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reflected in their divided deci- sions.1 In summary, the evidence that the political preferences of the justices have some influence on their voting choices seems to be ex- tremely well established. The current study has built on this earlier work to examine the nature of the cleavages among the justices and to explore whether they have changed over time. The finding here is that both the substantial varia- tion among the justices in multiple issue areas, and the relatively high consistency for most justices from one time period to the next, suggest that divisions on the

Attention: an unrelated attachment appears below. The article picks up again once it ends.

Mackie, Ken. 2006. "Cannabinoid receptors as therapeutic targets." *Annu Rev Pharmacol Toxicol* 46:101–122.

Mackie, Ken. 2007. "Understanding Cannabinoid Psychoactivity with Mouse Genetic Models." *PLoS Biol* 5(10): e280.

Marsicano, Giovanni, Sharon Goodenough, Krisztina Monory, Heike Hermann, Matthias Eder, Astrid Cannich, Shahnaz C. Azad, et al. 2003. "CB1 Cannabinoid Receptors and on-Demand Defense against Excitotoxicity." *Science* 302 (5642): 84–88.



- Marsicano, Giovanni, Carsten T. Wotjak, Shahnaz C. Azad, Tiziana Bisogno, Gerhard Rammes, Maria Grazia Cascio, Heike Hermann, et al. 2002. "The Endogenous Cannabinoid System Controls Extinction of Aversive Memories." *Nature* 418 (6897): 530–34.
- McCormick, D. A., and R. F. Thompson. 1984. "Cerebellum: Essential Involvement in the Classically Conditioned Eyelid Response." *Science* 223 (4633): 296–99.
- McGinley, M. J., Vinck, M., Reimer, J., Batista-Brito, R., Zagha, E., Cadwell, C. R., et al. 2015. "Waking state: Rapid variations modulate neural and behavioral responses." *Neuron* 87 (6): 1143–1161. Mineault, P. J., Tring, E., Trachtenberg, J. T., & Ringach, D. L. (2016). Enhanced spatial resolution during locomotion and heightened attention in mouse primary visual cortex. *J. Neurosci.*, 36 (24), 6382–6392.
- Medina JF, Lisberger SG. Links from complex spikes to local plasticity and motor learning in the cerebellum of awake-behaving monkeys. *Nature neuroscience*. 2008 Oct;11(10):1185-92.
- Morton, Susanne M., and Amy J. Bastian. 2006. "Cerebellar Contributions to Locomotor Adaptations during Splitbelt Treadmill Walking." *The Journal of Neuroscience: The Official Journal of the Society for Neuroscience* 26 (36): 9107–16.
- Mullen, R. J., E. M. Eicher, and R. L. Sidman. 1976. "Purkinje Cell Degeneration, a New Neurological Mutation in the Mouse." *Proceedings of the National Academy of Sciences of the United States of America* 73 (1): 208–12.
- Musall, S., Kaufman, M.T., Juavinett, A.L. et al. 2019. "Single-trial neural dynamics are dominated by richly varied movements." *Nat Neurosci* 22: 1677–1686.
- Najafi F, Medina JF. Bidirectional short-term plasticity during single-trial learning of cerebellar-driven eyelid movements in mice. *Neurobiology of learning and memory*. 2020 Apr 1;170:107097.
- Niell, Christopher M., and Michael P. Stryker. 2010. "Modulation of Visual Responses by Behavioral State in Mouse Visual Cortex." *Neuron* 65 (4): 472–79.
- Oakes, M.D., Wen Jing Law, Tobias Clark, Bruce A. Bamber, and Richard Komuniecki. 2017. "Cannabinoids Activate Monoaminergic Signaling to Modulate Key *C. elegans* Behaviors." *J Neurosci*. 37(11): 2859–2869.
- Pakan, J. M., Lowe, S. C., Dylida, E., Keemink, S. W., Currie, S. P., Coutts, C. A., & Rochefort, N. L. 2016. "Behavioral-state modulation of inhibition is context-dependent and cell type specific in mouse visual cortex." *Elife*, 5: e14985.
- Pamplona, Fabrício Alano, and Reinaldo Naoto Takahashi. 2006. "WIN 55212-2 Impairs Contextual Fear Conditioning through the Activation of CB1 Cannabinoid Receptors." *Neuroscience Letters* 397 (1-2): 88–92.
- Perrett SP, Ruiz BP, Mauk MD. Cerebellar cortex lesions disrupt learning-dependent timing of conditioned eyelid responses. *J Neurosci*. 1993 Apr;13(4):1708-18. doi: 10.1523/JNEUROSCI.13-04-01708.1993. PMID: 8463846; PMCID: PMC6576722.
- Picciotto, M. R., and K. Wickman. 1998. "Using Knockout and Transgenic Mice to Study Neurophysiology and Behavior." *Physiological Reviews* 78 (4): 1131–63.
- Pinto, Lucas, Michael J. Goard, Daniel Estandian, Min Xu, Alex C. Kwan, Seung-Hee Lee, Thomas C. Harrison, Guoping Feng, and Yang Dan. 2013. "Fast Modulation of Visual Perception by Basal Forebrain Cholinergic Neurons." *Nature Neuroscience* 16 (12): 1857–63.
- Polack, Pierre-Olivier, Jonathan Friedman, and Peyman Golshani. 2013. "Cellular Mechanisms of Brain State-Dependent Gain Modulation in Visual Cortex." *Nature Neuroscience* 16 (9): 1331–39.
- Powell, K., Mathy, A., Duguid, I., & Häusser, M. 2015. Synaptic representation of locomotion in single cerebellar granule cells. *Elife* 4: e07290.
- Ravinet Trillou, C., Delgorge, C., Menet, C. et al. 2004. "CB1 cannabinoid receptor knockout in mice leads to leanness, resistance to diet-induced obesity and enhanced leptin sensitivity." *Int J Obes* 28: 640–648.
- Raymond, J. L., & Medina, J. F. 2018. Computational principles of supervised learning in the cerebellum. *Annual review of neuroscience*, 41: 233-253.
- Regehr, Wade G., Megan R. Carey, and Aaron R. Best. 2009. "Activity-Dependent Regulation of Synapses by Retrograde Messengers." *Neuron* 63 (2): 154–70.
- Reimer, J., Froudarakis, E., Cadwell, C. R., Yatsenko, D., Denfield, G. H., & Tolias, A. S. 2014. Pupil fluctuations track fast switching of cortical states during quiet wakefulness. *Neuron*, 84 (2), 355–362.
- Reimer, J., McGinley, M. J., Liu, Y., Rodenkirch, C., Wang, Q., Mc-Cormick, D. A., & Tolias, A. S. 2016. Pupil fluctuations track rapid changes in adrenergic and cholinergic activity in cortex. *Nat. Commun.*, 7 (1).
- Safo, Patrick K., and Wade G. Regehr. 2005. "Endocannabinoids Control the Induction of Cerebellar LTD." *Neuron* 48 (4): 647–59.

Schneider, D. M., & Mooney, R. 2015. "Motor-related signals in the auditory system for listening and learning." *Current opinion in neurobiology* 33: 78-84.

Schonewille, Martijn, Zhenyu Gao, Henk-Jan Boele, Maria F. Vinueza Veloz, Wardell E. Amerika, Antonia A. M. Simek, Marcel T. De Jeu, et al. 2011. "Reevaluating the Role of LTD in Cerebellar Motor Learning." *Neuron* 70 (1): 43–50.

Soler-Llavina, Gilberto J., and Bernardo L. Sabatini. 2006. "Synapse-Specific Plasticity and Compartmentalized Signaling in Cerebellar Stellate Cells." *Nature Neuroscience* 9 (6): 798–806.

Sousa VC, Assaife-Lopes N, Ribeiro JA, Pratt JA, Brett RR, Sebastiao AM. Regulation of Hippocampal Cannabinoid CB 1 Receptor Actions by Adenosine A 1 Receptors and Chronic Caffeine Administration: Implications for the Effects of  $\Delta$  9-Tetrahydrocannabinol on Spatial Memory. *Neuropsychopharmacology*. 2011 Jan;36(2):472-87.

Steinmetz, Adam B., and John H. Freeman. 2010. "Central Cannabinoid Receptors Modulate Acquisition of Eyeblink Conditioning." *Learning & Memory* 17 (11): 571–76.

of the Court. Before the Charter, party, region, and religion were all significantly related to the justices’ voting choices. Liberal appointees were much more likely than Con- servative ones to support rights claims. Similarly, Catholics gave more support to rights claims than did Protestants. And finally, just as in criminal cases, justices from Quebec in the pre-Charter era stood out as more hostile to rights claims than justices from other regions. But in the post-Charter era these cleavages have largely disappeared. There are no differences in voting on civil